Contractors highlight issue of fuel consumption


In the highly competitive contractor market, fuel is fast becoming a key battleground, with contractors in particular looking at making strategic moves to cut and cap fuel costs. Here Andy Clarke from Ingrebourne Valley explains how technology, new equipment and a fuel promise has impacted the business, creating a more fuel aware culture.

“Whether you are looking at tendering for new business, or in our case making strategic decisions about your fleet mix for large earthworks, understanding the impact of fuel costs is vital.

“We all know that the market is very tough at the moment and we see the competition continuing to be very aggressive, even as demand increases.

“To keep control of our costs, we have chosen to run our own plant fleet, in conjunction with our sister company CJ Pryor. Naturally, this means we have looked at a replacement cycle that keeps units fresh, particularly recently with the new emissions regulations coming into play.

“For example, with our current project in Rainham, where we are building 27 new holes for what will be a luxury 36 hole golf course, we are having to shift, shape and process thousands of tonnes of inert material. With up to 400 lorry loads of equipment entering the site each day and some difficult ground conditions, we were really conscious of machine selection and product matching.

“In this application, a higher level of productivity was required, so we recognised that highly fuel efficient equipment like the Cat 336E Hybrid Excavator, was more suited to the task at hand.

“But as everyone knows, when it comes to achieving the fuel consumption rates advertised by manufacturers, there is often a discrepancy between what is on paper and what happens in reality.”

Explaining more on the fuel promise, Finning Product Specialist, Ian Chapman said: “The industry has to move on and away from simply quoting economy figures to customers and battling between us to say which product is better than the other.

“By making this Finning Fuel Promise that a unit will not consume more than a fixed amount of fuel per hour, we are helping customers to fix costs. In addition we are also sending a wider message to the industry that this approach is something that needs to be adopted by others. Fuel is the one variable that if brought under control can really make an immediate impact and with a new equipment fuel promise like ours, it will also help others see that replacing equipment is not just good for the environment, but good for business.”

“This is why when we learnt about the Finning Fuel Promise at Hillhead, we were both surprised by the deal itself and keen to see how it could be incorporated into an overall fleet deal.

“Essentially the fuel promise covers 2000 hours or 12 months of the individual machines’ operation, depending on which comes first. As part of the deal, we first agreed the consumption rates per hour with Finning that the machines’ were expected to achieve. They then offered a remote monitoring service through their Finsight engineering team in Cannock, which would give us access to fuel consumption and other machine health data.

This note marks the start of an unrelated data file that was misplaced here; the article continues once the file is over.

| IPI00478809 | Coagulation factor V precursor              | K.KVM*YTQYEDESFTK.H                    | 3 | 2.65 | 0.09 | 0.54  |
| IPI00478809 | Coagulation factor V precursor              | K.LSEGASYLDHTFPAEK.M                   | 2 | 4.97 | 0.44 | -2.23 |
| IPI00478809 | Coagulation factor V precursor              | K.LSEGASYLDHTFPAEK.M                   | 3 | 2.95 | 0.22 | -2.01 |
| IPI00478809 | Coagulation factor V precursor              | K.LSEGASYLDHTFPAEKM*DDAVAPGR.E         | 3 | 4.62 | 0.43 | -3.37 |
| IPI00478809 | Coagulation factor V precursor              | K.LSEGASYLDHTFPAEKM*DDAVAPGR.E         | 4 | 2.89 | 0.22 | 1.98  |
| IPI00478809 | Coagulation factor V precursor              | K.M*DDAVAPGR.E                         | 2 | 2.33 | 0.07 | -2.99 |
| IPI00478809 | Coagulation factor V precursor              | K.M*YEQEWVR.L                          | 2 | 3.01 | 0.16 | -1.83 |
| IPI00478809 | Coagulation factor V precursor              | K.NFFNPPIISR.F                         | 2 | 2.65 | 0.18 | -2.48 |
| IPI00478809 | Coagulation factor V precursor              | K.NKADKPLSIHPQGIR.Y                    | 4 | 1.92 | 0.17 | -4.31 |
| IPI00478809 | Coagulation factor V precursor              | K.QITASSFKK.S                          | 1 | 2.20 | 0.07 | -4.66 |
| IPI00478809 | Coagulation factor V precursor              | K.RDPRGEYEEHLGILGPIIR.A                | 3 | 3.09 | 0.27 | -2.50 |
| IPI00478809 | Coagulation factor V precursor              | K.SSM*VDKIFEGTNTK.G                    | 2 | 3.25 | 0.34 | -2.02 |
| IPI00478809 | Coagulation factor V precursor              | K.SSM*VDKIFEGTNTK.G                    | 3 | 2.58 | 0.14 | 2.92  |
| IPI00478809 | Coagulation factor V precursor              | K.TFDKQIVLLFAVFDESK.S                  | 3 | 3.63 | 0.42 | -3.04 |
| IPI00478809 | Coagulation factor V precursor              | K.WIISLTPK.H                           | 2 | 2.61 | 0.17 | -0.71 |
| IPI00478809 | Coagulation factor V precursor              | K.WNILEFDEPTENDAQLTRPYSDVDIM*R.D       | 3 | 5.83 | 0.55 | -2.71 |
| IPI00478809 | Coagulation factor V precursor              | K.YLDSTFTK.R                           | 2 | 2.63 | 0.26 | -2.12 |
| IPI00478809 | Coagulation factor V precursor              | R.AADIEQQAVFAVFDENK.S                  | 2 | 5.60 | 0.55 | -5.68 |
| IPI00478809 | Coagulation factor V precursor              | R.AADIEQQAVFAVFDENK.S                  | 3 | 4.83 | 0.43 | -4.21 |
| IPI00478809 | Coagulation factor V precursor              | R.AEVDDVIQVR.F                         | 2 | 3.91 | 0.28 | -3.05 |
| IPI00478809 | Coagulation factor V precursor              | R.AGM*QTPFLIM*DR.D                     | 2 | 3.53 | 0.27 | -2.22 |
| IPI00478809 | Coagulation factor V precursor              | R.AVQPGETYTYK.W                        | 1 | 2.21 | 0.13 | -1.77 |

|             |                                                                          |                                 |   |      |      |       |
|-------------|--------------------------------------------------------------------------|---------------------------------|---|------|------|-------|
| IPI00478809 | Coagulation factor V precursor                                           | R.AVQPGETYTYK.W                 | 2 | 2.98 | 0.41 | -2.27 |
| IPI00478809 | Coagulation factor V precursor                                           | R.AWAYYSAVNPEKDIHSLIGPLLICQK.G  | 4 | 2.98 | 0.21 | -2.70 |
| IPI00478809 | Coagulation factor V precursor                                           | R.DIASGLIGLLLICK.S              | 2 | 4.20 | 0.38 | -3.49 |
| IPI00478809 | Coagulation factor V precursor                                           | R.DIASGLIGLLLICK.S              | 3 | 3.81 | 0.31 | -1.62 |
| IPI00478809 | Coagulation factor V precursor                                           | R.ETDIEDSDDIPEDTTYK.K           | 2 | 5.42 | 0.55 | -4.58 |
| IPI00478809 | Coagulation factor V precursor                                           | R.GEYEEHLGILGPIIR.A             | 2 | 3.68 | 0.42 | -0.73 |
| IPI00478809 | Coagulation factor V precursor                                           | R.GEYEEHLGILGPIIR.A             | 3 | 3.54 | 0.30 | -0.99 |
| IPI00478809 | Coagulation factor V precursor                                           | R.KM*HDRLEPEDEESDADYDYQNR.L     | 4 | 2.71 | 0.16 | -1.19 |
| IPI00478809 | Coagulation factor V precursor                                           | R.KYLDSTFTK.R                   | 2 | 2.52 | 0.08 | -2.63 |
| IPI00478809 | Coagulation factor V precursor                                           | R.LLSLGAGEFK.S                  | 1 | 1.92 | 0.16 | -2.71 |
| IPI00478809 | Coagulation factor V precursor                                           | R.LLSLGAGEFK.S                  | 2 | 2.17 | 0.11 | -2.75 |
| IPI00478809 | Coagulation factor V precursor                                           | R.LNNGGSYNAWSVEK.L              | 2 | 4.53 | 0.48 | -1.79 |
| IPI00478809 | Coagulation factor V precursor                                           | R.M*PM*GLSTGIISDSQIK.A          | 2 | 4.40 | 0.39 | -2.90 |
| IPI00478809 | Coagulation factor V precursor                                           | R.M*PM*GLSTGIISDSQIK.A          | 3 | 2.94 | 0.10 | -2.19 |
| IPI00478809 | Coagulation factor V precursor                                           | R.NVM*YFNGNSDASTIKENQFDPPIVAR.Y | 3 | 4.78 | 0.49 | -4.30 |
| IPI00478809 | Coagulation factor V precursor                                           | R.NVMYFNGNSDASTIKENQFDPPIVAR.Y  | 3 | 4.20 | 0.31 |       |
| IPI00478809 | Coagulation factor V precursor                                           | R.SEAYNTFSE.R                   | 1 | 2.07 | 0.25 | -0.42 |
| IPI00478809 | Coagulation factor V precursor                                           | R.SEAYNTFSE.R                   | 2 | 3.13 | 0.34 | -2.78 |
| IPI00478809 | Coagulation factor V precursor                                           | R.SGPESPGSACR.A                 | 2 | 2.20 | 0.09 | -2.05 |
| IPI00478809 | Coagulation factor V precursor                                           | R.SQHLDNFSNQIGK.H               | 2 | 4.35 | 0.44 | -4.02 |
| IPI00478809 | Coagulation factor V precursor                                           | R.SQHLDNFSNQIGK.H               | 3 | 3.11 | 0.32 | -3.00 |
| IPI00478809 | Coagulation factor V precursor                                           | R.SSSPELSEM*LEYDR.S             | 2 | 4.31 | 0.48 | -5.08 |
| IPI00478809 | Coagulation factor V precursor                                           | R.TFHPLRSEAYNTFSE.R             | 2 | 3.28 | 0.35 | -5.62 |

“The whole package was compelling and the fuel promise was certainly a differentiator, so it was a simple decision to become the first business in the UK to take up the fuel promise. In total we purchased two Cat 336E hybrid units with a further Cat 336E hybrid purchased by CJ Pryor. For the first unit we have just completed the 2000 hours of operation and Finning has been true to its promise, crediting us with £629.03 based on the machine using very slightly more fuel.

“From our perspective, this is just part of the overall story. For example, because of the fuel promise, our site team has an incentive to analyse the data sent to us by Finning. So the knock on effect of this is a greater awareness of fuel consumption in general.

“The impact this has had on our wider operations has therefore been significant, especially as we have paired up the Cat 336E hybrids with new Cat 730C articulated trucks, which also report on fuel consumption.

“So when we look at performance over a period of time, comparing it to the weather and site conditions, we can actually make more informed decisions on how we work the site. In practical terms, this has given us the data to manage the fleet more effectively. For example, we know that if conditions get very boggy on site we are faced with higher fuel costs and lower productivity that in some cases does not make it viable to operate.

“This simply relates to higher idle times on the Cat 336E excavators as they wait longer for the Cat 730C trucks to perform dumping cycles and higher fuel burn on the trucks as they wade through the boggy conditions.

“So in this respect we can stand down the team and put them onto other operations like tree planting, to save fuel and machine component wear. Even though with good site management we would have done this, it pays to know what the tipping point is with the fuel consumption, as otherwise you are making a less informed judgment.

“Certainly the fuel promise has made us sharper with the way we look at fuel consumption in general and we can see the long term benefits of using such data. From a contractor perspective it really is all about making every drop of fuel count and ensuring the highest levels of productivity.”